Five reflections on beginning the Open University MBA

In this post, I try to summarise five reflections on the experience of joining and starting the Open University’s part-time MBA programme.

It’s exciting and privileging to undertake study as an adult

I realised quite early on how lucky I was to be able to do this: I had the financial support, the support and the guts to sign up and give it a go.

Household spending (Source: ONS)

So many are not in this position: the average family expenditure on education was just £6/week in 2015/16 according to the ONS, down from £16/week in 2001/02. The underlying causes for this are varied but possible explanations lie in the drop in disposable income (and that education is seen as discretionary spending) and the government’s decision to increase tuition fees including for postgraduates in 2012.

Undertaking postgraduate study means learning to learn again

Oh the envy I have of Johnny Five

Reading vast quantities of academic material doesn’t come easy – it takes practice. Similarly, writing concisely, with a clear argument and well-referenced sources was a skill that had entirely escaped me in the eleven years since finishing my first degree (Music and Sound Recording at University of Surrey).

I had to go back and find my final-year dissertation from 2005 to prove that it was something I was once capable of doing. And to start with, words would swim about on the page in front of my eyes. Luckily the Open University has loads of advice on how to study, full of tips from real learners from all kinds of backgrounds, which are reassuring even if you’ve never done it before.

That said, things start quickly and the barrage of acronyms comes thick and fast. B716 (the module code), TGF (tutor group forum), TMA (tutor-marked assessment) and so on – it all feels like an alien language and quite daunting to a returning learner.

Learning at distance is lonely

Photo by Chris Jadoul

Perhaps the hardest element of learning part time at distance is the loneliness.

The Open University provides a number of online forums.

There is a large forum in which it’s possible to converse with all learners embarking on the module (I understand each intake for the Open University is around 300 students from across the world),

In addition, there is a Tutor Group Forum (TGF) which in my case consisted of sixteen learners all based in the London area. Our tutor encouraged us to introduce ourselves and get to know each other, but this felt rather formal and arms-length – I didn’t feel able to share some of the feelings I was having about getting started just yet. I craved a more informal situation – the virtual equivalent of grabbing a coffee after a lecture – and the TGF didn’t provide it.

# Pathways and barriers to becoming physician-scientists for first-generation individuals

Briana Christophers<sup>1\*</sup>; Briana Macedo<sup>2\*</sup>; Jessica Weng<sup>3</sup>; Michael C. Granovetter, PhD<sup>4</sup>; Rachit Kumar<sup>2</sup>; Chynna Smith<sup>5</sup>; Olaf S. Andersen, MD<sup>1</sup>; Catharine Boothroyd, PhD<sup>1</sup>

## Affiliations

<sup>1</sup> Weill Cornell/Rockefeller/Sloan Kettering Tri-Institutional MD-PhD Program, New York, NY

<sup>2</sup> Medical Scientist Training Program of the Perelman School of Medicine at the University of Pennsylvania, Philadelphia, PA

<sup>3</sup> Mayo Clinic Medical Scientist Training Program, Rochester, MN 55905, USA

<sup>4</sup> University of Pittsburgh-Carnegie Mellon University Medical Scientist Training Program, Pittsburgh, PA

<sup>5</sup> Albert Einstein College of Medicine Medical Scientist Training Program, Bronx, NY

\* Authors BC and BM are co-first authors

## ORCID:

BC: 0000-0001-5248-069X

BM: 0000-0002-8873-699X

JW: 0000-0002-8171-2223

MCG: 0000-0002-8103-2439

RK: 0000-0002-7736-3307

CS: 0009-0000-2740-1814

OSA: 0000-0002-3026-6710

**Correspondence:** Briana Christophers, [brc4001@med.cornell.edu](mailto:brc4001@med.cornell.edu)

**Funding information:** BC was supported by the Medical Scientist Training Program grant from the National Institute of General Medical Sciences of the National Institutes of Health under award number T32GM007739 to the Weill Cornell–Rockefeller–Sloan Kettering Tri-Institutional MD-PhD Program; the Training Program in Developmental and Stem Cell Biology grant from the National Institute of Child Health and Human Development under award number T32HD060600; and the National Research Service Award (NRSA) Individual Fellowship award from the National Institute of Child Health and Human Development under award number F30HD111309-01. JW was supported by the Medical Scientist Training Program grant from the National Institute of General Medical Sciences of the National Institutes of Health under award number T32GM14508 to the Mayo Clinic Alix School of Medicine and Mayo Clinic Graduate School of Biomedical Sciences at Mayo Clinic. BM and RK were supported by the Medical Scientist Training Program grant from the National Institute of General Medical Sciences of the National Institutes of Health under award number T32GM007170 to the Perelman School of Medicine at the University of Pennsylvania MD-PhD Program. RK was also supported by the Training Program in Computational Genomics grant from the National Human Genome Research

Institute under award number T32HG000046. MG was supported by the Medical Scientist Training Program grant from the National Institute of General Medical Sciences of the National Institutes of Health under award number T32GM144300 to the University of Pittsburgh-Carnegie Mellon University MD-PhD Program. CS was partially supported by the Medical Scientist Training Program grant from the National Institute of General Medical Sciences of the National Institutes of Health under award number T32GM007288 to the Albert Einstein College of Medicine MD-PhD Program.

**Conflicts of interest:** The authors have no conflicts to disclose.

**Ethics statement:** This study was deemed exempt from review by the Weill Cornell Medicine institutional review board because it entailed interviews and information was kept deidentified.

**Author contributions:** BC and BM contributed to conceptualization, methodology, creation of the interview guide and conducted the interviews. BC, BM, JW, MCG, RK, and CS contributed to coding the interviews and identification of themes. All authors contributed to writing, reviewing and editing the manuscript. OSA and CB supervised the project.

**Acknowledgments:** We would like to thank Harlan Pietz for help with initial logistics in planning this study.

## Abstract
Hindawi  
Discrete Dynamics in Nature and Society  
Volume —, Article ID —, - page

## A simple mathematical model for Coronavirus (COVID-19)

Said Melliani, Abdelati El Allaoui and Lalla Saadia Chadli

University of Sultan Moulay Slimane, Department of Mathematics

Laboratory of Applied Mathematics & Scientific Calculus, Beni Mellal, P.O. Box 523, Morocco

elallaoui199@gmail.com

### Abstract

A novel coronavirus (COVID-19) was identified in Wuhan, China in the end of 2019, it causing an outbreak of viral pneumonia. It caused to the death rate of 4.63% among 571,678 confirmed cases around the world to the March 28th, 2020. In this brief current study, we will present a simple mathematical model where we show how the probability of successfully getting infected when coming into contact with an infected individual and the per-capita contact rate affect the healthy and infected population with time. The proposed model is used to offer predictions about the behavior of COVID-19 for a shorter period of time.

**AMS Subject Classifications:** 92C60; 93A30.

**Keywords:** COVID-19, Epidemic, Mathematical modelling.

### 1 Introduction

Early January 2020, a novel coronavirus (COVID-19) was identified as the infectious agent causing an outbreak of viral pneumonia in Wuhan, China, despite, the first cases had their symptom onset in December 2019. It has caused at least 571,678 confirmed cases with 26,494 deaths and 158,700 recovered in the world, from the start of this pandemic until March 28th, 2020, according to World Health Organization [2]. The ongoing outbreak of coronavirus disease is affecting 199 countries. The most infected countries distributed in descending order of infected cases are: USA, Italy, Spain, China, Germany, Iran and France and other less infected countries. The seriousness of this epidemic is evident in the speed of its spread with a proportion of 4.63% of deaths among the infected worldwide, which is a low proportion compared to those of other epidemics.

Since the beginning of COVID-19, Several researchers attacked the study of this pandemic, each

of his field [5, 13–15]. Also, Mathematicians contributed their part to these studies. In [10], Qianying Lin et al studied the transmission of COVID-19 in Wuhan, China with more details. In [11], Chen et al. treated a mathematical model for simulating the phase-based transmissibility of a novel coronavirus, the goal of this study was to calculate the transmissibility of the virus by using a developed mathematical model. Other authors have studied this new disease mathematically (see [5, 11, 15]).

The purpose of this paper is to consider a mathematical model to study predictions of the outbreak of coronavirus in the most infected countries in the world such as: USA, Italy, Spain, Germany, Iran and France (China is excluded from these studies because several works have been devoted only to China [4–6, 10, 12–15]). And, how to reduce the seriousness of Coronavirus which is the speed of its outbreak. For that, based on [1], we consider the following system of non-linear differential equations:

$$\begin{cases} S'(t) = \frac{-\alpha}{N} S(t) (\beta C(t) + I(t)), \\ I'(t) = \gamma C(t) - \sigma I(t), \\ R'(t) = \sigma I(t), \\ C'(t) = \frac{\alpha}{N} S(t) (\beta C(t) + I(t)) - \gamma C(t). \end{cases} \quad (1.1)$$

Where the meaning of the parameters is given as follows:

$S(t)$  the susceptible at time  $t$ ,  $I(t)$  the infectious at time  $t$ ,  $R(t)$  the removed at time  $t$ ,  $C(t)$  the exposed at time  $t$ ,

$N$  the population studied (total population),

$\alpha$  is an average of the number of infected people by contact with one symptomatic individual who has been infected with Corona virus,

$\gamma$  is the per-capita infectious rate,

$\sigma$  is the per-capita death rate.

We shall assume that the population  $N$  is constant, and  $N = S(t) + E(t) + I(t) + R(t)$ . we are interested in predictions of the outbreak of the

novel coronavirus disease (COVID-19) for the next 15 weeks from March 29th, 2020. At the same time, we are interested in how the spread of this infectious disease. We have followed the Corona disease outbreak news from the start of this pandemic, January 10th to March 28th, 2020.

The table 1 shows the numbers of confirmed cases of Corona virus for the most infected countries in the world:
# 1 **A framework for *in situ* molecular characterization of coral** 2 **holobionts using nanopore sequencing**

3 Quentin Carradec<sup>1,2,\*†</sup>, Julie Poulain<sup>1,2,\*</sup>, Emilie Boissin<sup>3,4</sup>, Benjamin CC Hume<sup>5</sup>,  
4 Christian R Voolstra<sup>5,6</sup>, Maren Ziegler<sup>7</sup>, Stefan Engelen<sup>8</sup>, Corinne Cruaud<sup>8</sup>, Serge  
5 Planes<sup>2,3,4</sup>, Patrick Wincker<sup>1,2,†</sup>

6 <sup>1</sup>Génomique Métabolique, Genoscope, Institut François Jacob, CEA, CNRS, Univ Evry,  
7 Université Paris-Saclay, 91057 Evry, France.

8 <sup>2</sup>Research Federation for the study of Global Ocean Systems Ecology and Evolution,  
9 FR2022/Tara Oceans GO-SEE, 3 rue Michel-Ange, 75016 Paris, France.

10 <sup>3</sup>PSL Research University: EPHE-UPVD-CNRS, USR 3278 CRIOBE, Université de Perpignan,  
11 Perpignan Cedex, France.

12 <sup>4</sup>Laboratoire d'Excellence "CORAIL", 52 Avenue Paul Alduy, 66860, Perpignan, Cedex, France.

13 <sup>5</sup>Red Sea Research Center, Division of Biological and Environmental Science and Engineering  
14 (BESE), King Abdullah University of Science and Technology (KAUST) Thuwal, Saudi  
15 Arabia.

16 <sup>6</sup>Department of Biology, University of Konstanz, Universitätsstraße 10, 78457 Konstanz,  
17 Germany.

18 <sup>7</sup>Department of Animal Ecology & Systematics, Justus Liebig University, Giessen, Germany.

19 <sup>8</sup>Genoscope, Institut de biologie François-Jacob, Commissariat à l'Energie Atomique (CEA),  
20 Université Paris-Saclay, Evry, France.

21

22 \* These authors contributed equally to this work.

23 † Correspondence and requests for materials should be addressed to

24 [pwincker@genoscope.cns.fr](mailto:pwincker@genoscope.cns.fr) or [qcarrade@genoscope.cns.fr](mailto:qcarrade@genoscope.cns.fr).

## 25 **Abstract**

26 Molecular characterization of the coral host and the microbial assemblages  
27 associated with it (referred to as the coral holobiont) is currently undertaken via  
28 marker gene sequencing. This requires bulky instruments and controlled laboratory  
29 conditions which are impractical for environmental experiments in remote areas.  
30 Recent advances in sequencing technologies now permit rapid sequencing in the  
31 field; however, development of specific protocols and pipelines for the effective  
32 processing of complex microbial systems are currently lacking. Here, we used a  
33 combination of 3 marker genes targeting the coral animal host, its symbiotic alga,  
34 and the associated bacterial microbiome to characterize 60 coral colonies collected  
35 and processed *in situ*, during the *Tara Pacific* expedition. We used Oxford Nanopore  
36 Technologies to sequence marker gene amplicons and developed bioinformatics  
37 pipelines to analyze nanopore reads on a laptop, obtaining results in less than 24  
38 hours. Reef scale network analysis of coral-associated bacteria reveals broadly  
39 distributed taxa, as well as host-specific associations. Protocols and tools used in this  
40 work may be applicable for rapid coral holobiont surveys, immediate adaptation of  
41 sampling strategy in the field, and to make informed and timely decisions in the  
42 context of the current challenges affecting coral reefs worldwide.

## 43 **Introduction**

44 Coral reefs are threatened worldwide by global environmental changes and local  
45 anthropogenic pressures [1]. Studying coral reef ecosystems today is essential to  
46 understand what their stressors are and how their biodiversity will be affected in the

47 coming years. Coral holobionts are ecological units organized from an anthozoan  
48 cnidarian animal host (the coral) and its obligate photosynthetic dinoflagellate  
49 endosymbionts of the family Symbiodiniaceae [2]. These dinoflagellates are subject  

It’s hard to know what’s expected of you at the outset

The module guide suggests that studying part-time on the course would take around 10-15 hours per week. But who can really say? Everyone reads at different paces; sometimes your brain is functioning, but if you have to squeeze a two-hour study session in after a punishing day at the office, progress can be slow.

I found it hard to keep up with the materials at the time that the Open University suggested I did – sometimes getting ahead when I could, sometimes falling a number of weeks behind. This has really helped give me insight into how learners might progress through FutureLearn courses too – at FutureLearn we have tried with the learning design to keep each step of material – each piece of learning – to around 5-6 minutes or less, such that you could get your phone out on the bus and learn. With the Open University a piece of learning could vary between 15 minutes and four hours, making it quite hard to plan.

The materials the Open University provides, and its learning design, are excellent

The final reflection in this post is this: whilst getting started on the course was not all plain sailing by any means, the quality of the written materials and the learning design are, in my opinion, excellent. The materials are interesting, relevant and consistently invite personal reflection. For example, even in early module materials discussing power and politics int he workplace, regular prompts to think of examples in our own workplaces really helped bring the abstract concepts to life.

Some final thoughts for how starting the degree could have been improved

Bearing in mind all of the above, and also reflecting on four years experience of developing a best-in-class learning platform has led me to a few reflections for the Open University.

  • How can they make the registration process as streamlined and as reassuring as possible?
  • Is there a way to tailor the experience a bit for those who are familiar with studying, and provide better inline guidance for those who haven’t / need a refresher?
  • How can the feeling of community be strengthened during those critical first couple of weeks?

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